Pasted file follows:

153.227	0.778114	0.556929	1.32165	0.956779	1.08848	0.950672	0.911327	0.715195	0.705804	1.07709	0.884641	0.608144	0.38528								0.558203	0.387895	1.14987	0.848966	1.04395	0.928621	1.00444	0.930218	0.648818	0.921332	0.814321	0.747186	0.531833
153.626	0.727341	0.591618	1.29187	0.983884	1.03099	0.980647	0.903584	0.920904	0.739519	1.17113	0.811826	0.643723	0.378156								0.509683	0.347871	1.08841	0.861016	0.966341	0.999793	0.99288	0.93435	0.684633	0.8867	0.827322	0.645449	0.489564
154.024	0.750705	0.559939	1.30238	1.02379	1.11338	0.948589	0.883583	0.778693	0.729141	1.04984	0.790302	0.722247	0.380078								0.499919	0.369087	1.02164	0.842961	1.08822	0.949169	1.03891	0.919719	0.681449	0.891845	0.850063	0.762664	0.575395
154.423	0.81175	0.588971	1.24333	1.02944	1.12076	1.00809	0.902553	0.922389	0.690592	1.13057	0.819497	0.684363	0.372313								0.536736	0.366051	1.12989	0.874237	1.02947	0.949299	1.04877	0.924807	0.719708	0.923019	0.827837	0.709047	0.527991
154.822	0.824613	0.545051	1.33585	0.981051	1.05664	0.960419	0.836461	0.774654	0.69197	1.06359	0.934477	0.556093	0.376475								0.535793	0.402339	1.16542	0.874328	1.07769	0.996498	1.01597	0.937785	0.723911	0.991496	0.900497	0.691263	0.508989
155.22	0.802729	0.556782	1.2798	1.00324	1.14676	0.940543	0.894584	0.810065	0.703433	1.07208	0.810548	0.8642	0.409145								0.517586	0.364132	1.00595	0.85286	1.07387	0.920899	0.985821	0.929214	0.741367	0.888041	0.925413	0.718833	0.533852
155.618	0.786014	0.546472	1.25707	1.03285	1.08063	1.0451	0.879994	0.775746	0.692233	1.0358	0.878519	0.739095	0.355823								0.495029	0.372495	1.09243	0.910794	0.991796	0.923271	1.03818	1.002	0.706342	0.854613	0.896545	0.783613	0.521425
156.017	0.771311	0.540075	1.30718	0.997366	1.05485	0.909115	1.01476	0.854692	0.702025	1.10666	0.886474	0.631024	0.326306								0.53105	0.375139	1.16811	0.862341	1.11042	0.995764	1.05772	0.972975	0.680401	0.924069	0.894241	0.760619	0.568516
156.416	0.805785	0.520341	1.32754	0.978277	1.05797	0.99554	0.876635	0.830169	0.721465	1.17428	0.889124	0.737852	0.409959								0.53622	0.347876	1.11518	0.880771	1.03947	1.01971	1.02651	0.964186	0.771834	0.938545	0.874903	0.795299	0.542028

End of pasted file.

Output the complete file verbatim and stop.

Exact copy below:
153.227	0.778114	0.556929	1.32165	0.956779	1.08848	0.950672	0.911327	0.715195	0.705804	1.07709	0.884641	0.608144	0.38528								0.558203	0.387895	1.14987	0.848966	1.04395	0.928621	1.00444	0.930218	0.648818	0.921332	0.814321	0.747186	0.531833
153.626	0.727341	0.591618	1.29187	0.983884	1.03099	0.980647	0.903584	0.920904	0.739519	1.17113	0.811826	0.643723	0.378156								0.509683	0.347871	1.08841	0.861016	0.966341	0.999793	0.99288	0.93435	0.684633	0.8867	0.827322	0.645449	0.489564
154.024	0.750705	0.559939	1.30238	1.02379	1.11338	0.948589	0.883583	0.778693	0.729141	1.04984	0.790302	0.722247	0.380078								0.499919	0.369087	1.02164	0.842961	1.08822	0.949169	1.03891	0.919719	0.681449	0.891845	0.850063	0.762664	0.575395
154.423	0.81175	0.588971	1.24333	1.02944	1.12076	1.00809	0.902553	0.922389	0.690592	1.13057	0.819497	0.684363	0.372313								0.536736	0.366051	1.12989	0.874237	1.02947	0.949299	1.04877	0.924807	0.719708	0.923019	0.827837	0.709047	0.527991
154.822	0.824613	0.545051	1.33585	0.981051	1.05664	0.960419	0.836461	0.774654	0.69197	1.06359	0.934477	0.556093	0.376475								0.535793	0.402339	1.16542	0.874328	1.07769	0.996498	1.01597	0.937785	0.723911	0.991496	0.900497	0.691263	0.508989
155.22	0.802729	0.556782	1.2798	1.00324	1.14676	0.940543	0.894584	0.810065	0.703433	1.07208	0.810548	0.8642	0.409145								0.517586	0.364132	1.00595	0.85286	1.07387	0.920899	0.985821	0.929214	0.741367	0.888041	0.925413	0.718833	0.533852
155.618	0.786014	0.546472	1.25707	1.03285	1.08063	1.0451	0.879994	0.775746	0.692233	1.0358	0.878519	0.739095	0.355823								0.495029	0.372495	1.09243	0.910794	0.991796	0.923271	1.03818	1.002	0.706342	0.854613	0.896545	0.783613	0.521425
156.017	0.771311	0.540075	1.30718	0.997366	1.05485	0.909115	1.01476	0.854692	0.702025	1.10666	0.886474	0.631024	0.326306								0.53105	0.375139	1.16811	0.862341	1.11042	0.995764	1.05772	0.972975	0.680401	0.924069	0.894241	0.760619	0.568516
156.416	0.805785	0.520341	1.32754	0.978277	1.05797	0.99554	0.876635	0.830169	0.721465	1.17428	0.889124	0.737852	0.409959								0.53622	0.347876	1.11518	0.880771	1.03947	1.01971	1.02651	0.964186	0.771834	0.938545	0.874903	0.795299	0.542028